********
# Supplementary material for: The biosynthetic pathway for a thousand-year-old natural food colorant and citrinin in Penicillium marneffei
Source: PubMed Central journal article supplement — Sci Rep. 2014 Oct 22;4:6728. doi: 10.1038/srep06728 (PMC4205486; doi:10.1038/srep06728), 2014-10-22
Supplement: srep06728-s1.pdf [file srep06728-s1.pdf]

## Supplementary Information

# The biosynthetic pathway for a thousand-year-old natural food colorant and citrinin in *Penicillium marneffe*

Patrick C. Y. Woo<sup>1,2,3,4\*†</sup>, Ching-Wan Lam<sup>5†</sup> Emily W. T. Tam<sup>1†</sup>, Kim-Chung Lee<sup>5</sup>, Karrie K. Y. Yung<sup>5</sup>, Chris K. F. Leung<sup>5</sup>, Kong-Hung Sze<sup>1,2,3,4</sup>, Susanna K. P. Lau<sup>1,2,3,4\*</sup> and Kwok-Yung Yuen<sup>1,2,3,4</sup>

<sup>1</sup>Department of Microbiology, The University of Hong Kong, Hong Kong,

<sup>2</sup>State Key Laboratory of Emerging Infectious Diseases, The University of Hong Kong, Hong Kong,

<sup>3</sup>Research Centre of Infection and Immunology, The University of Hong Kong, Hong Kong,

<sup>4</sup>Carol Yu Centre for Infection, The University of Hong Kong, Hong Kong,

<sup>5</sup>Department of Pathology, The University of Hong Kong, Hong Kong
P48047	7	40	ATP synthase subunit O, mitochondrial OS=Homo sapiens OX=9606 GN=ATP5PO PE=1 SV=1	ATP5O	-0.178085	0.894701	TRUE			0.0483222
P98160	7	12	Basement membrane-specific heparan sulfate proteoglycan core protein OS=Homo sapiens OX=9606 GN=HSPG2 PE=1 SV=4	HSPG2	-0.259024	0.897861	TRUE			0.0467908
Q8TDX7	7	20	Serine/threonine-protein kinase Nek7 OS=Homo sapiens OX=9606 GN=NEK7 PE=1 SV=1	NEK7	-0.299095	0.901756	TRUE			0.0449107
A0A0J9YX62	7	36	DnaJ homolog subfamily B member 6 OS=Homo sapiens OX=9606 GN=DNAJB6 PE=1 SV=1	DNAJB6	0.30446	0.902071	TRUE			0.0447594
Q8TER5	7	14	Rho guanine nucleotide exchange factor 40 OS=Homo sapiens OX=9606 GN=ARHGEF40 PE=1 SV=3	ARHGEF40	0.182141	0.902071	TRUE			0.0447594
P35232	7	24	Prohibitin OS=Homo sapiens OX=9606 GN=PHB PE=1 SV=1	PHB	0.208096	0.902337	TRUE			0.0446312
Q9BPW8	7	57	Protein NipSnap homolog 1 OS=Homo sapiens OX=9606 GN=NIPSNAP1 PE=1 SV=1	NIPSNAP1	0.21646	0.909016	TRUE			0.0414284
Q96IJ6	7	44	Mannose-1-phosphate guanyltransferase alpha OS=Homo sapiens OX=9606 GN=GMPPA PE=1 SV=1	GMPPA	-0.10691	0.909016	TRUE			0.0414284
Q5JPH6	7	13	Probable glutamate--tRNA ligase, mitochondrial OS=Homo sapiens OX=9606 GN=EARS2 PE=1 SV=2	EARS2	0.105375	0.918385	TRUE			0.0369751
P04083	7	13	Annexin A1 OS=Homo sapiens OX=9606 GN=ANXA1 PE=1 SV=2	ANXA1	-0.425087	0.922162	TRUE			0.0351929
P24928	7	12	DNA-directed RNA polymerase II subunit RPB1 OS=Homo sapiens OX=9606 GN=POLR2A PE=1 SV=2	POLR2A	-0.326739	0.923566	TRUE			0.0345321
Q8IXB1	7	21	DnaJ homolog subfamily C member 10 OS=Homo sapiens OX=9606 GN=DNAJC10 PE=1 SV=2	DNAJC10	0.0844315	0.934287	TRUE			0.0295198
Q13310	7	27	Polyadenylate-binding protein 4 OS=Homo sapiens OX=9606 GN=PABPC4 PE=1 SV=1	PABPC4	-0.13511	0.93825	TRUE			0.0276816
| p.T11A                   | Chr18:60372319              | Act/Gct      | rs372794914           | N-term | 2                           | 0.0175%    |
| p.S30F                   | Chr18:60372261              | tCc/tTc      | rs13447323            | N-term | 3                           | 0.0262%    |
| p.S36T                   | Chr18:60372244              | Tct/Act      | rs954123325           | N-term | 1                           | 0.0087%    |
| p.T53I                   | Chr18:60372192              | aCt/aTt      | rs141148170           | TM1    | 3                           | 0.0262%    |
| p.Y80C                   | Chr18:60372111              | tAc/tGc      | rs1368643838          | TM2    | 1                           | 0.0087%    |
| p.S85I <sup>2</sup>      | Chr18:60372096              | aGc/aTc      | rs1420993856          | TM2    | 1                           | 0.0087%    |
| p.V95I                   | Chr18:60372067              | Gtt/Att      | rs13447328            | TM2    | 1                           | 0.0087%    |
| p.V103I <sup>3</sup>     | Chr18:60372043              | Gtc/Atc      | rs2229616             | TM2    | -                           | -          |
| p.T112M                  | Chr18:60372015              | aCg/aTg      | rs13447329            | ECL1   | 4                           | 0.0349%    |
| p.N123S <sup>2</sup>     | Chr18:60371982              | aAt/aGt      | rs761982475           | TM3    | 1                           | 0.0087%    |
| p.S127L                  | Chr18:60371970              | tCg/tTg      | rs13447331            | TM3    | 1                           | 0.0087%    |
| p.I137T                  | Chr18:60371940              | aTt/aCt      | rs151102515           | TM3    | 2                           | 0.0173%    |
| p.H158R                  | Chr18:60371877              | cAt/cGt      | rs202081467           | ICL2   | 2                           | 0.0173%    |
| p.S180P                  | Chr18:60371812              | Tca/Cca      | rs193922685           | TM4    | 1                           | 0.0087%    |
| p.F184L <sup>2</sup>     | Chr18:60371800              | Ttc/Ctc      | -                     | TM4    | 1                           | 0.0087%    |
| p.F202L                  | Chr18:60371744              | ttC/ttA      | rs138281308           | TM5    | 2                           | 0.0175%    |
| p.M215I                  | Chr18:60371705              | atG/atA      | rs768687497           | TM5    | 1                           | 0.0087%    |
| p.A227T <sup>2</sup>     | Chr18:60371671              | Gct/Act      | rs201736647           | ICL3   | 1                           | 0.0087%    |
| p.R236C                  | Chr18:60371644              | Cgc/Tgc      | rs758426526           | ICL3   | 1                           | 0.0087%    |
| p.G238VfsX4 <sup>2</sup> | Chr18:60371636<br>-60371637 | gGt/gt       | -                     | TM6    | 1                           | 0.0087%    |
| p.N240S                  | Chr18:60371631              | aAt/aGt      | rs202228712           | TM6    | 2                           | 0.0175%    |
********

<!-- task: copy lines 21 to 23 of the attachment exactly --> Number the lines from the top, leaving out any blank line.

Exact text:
P04083	7	13	Annexin A1 OS=Homo sapiens OX=9606 GN=ANXA1 PE=1 SV=2	ANXA1	-0.425087	0.922162	TRUE			0.0351929
P24928	7	12	DNA-directed RNA polymerase II subunit RPB1 OS=Homo sapiens OX=9606 GN=POLR2A PE=1 SV=2	POLR2A	-0.326739	0.923566	TRUE			0.0345321
Q8IXB1	7	21	DnaJ homolog subfamily C member 10 OS=Homo sapiens OX=9606 GN=DNAJC10 PE=1 SV=2	DNAJC10	0.0844315	0.934287	TRUE			0.0295198